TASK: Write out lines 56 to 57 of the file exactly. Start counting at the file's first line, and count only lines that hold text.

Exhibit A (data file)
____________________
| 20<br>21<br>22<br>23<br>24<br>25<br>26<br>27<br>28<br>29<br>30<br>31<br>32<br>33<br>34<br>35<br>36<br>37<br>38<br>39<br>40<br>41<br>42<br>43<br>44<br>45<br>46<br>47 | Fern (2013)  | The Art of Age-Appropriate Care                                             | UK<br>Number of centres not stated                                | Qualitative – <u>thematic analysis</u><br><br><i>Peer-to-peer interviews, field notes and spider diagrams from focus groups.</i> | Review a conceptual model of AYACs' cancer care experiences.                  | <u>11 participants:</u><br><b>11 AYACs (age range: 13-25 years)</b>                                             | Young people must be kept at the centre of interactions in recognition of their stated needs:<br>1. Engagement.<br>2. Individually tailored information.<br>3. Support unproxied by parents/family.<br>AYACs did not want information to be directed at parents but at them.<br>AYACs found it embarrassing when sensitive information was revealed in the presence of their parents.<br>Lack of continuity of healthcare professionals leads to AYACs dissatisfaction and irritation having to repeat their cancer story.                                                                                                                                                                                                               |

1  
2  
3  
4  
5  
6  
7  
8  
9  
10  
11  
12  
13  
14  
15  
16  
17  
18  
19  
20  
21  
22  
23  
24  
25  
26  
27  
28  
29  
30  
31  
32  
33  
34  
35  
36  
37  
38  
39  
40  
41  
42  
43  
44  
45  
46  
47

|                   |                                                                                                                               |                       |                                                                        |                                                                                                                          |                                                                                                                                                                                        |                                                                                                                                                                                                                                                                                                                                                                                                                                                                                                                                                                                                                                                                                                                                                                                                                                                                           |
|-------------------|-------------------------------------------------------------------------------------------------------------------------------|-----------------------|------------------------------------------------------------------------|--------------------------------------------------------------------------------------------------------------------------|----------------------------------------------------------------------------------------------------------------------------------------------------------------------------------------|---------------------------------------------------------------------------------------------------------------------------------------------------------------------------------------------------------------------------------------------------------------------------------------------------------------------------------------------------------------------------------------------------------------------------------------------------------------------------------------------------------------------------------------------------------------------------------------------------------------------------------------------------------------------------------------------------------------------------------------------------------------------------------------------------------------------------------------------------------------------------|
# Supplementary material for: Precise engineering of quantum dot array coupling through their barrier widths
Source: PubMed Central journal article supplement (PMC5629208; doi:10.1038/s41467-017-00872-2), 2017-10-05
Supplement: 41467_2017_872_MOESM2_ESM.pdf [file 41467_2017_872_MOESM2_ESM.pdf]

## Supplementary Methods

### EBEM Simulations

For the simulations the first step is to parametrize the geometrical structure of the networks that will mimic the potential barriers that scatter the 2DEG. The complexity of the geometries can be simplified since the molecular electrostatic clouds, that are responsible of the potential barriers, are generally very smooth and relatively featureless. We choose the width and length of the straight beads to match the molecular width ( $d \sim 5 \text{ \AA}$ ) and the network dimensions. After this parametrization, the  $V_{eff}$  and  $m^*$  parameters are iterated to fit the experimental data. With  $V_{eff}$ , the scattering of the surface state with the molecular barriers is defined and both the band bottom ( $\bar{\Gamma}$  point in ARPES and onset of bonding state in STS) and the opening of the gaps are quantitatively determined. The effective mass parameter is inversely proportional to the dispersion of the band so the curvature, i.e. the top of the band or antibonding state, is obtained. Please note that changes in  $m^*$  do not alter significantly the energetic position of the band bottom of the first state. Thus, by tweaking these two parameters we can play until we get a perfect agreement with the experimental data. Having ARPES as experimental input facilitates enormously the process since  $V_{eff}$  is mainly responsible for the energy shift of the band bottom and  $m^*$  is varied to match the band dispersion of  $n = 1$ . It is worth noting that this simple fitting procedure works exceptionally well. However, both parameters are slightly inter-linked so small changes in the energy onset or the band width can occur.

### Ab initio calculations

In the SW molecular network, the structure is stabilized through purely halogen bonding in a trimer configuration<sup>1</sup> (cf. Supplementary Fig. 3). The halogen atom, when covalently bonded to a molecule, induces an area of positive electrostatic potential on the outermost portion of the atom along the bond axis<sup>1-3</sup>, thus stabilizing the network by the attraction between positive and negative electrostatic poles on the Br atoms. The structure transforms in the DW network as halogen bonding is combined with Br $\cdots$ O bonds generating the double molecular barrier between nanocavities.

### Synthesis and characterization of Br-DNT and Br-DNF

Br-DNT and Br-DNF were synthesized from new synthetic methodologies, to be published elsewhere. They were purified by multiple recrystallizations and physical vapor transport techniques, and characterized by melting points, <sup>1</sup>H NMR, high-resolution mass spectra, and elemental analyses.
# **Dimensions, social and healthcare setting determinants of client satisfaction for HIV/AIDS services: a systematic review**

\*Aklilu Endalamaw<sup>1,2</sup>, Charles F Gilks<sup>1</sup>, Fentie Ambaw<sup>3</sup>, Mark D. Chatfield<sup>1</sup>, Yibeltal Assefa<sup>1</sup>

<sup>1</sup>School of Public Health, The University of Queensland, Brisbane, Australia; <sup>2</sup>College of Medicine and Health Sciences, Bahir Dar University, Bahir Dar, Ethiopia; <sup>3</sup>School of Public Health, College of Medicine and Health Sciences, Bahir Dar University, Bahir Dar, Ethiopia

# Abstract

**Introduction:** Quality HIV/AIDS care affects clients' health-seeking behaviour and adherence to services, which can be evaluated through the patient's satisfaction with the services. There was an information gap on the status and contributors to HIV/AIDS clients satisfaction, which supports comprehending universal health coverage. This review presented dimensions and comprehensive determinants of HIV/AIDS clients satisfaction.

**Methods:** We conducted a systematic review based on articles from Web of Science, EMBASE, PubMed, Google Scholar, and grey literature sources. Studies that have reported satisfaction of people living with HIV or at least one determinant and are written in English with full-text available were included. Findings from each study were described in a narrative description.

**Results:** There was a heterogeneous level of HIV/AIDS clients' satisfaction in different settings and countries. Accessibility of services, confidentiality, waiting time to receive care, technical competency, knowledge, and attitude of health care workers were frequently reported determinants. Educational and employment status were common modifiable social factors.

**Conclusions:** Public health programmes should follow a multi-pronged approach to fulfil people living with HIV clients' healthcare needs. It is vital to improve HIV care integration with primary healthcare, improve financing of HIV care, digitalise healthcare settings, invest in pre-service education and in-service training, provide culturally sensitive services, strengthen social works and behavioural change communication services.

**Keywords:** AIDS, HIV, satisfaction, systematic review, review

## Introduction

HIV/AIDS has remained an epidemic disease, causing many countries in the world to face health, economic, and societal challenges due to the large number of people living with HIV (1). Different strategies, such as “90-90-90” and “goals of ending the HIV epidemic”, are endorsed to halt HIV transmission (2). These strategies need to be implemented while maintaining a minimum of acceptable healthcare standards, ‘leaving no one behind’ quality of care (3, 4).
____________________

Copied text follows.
For the simulations the first step is to parametrize the geometrical structure of the networks that will mimic the potential barriers that scatter the 2DEG. The complexity of the geometries can be simplified since the molecular electrostatic clouds, that are responsible of the potential barriers, are generally very smooth and relatively featureless. We choose the width and length of the straight beads to match the molecular width ( $d \sim 5 \text{ \AA}$ ) and the network dimensions. After this parametrization, the  $V_{eff}$  and  $m^*$  parameters are iterated to fit the experimental data. With  $V_{eff}$ , the scattering of the surface state with the molecular barriers is defined and both the band bottom ( $\bar{\Gamma}$  point in ARPES and onset of bonding state in STS) and the opening of the gaps are quantitatively determined. The effective mass parameter is inversely proportional to the dispersion of the band so the curvature, i.e. the top of the band or antibonding state, is obtained. Please note that changes in  $m^*$  do not alter significantly the energetic position of the band bottom of the first state. Thus, by tweaking these two parameters we can play until we get a perfect agreement with the experimental data. Having ARPES as experimental input facilitates enormously the process since  $V_{eff}$  is mainly responsible for the energy shift of the band bottom and  $m^*$  is varied to match the band dispersion of  $n = 1$ . It is worth noting that this simple fitting procedure works exceptionally well. However, both parameters are slightly inter-linked so small changes in the energy onset or the band width can occur.

### Ab initio calculations